Cassidy recommends utilizing a rack or bookshelf-style organizer for extra dry goods. Not only will it be helpful now, but it can always be repurposed in a different area of the home after its pantry needs are complete.
“In my apartment, our cabinets are almost entirely filled with dishware and cookware, so we use a large open shelving unit to store most of our food that isn’t refrigerated,” she says. “This allows us to see everything we have (not great for style, but very convenient), and stack things higher.”
Keep cans in line
Cassidy uses a cutlery organizer to keep cans in order—something that’s essential these days. Make sure to note the measurements of each section before purchasing so you get one that’s wide enough to accommodate cans.
Consider using an extra freezer—or even a cooler—for additional space
If you’re still short on space, you can always pick up an additional freezer or refrigerator—Cassidy recently picked up the 5-cubic-foot Magic Chef chest freezer. But if that’s not in the cards, consider purchasing a quality cooler instead. While it's not a long-term solution, it can help free up precious refrigerator space, but you’ll be able to use it come summer time as well.
We’ve tested more than a dozen of the best coolers on the market, so we can confidently recommend a few that should be up to the task of keeping your groceries on ice. Keep in mind that coolers work best when they're closed, so try to use them more for items you don't need often, like condiments.
Best Overall: Otterbox Venture 45
This 45-quart cooler that includes a dry storage tray was our choice for the best of the bunch.
In our testing, the Otterbox Venture 45 was able to keep temperatures under 40°F for nearly five days without being opened, which was 20% better than average. It’s pricier than many options available, but it proved to be sturdy—no leaks no matter how much we put it through—and it comes with a lifetime warranty.
Best Value: Ozark Trail 52-Quart Cooler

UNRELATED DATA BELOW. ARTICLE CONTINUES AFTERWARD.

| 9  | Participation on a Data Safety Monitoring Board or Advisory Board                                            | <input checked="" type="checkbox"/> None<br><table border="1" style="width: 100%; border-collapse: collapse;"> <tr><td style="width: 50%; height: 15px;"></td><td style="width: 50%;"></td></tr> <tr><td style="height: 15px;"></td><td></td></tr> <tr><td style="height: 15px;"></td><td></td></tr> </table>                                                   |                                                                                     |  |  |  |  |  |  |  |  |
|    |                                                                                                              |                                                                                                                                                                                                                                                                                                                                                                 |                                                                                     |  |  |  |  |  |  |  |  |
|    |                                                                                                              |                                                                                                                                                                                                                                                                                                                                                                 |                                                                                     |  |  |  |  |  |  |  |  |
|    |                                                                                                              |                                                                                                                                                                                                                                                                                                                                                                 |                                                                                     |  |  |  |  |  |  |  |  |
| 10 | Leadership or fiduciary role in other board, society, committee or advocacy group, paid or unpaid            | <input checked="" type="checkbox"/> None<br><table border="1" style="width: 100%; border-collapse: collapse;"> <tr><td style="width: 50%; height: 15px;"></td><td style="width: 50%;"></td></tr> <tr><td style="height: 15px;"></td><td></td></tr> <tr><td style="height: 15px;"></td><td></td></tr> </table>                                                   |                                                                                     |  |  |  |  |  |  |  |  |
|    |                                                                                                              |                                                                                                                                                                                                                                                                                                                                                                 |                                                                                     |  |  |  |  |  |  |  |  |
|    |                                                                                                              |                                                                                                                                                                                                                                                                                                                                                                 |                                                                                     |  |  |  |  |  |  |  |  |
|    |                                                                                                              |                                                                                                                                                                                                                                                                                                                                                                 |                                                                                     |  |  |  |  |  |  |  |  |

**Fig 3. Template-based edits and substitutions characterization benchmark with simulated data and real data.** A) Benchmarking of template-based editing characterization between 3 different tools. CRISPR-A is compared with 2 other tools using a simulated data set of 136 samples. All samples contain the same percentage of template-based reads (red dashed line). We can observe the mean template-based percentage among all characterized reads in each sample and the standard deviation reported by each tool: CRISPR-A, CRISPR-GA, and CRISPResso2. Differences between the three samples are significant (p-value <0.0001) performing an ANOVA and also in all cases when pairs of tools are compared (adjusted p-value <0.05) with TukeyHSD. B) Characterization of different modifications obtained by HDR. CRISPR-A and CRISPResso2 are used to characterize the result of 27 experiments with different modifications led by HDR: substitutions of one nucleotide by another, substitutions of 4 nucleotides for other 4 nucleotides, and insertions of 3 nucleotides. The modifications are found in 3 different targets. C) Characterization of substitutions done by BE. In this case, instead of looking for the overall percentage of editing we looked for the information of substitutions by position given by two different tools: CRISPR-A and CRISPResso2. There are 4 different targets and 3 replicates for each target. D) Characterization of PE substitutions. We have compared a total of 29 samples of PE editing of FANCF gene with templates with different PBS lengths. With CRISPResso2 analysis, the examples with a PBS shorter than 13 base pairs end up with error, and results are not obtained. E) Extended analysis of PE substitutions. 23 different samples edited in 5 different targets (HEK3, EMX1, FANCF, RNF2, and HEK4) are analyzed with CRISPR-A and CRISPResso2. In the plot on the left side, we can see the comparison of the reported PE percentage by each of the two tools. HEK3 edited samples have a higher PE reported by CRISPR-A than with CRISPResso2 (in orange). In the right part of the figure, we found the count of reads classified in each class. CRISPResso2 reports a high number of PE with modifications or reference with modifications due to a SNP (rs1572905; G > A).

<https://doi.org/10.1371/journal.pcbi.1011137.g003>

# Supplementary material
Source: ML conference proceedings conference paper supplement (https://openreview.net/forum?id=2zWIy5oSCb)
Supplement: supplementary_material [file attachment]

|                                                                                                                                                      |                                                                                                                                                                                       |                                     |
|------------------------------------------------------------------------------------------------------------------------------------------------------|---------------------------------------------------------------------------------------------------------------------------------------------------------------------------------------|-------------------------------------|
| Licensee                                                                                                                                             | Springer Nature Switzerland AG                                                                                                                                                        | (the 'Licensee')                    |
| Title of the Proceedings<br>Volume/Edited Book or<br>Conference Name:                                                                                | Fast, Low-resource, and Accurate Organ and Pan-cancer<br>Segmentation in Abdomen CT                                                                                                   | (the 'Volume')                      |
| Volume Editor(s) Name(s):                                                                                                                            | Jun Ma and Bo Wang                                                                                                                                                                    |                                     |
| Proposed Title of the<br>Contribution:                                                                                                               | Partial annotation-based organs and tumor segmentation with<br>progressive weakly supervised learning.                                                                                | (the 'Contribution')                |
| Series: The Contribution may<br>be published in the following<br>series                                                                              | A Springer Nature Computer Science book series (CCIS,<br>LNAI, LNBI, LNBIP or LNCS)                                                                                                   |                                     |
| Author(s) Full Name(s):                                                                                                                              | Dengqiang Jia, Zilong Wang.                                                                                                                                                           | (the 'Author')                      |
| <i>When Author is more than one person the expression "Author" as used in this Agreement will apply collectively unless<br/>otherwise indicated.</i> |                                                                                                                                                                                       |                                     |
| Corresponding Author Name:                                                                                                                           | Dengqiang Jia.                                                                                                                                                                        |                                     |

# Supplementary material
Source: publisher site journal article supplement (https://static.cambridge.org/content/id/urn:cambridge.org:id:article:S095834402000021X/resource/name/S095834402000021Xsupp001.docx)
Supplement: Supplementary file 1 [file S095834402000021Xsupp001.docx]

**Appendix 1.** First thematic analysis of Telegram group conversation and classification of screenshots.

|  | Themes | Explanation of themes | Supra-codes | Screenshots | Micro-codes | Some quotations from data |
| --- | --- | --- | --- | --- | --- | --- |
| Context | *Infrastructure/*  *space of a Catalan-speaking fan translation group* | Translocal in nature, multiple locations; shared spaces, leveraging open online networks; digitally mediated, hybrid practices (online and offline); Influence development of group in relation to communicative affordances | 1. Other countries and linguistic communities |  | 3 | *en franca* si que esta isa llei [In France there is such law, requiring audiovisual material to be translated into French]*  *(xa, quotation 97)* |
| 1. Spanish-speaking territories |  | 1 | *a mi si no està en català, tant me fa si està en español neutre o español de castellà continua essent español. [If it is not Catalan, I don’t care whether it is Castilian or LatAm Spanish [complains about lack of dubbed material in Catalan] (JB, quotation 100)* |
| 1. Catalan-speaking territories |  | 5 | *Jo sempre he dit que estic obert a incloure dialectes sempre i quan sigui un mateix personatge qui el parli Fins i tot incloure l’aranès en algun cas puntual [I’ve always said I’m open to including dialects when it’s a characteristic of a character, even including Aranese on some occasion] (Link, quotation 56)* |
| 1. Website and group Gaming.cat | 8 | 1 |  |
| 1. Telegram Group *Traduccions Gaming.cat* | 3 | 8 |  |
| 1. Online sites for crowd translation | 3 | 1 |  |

With a massive 52-quart capacity, the Ozark Trail has enough room to store your groceries and then some. And at about a third of the price of the Otterbox, it was an easy pick for the best value cooler on the market.
Even though it’s less expensive, it’s still a solid choice. It was able to stay under 40°F for over four days without being opened, so you can rest assured that food will be safe from spoilage. Plus, it comes with a removable wire basket, a five-year limited warranty, and—should this become a fixture of your summertime adventures—four cupholders.
Make peace with the mess
This may seem counterintuitive, but one of the best ways to handle any excess food supplies is just to understand that your kitchen may not be as neat and organized as it usually is.
“Face the fact that things are just going to be messy for a while,” Cassidy says. “I have a lot of anxiety around organization and keeping my space clean, but when I’m sharing a space with other people for weeks on end and we’re stockpiling food, there’s not a great way to make sure everything will be aesthetically balanced and look the way it used to. That’s OK!”
She advises using any open closet, pantry, basement, or attic space you may have to keep clutter at bay, but cautions against using that as a reason to shop more: “Don’t shop too much at any one time because you want to make sure groceries are still accessible for everyone in the community.”
Prices were accurate at the time this article was published but may change over time.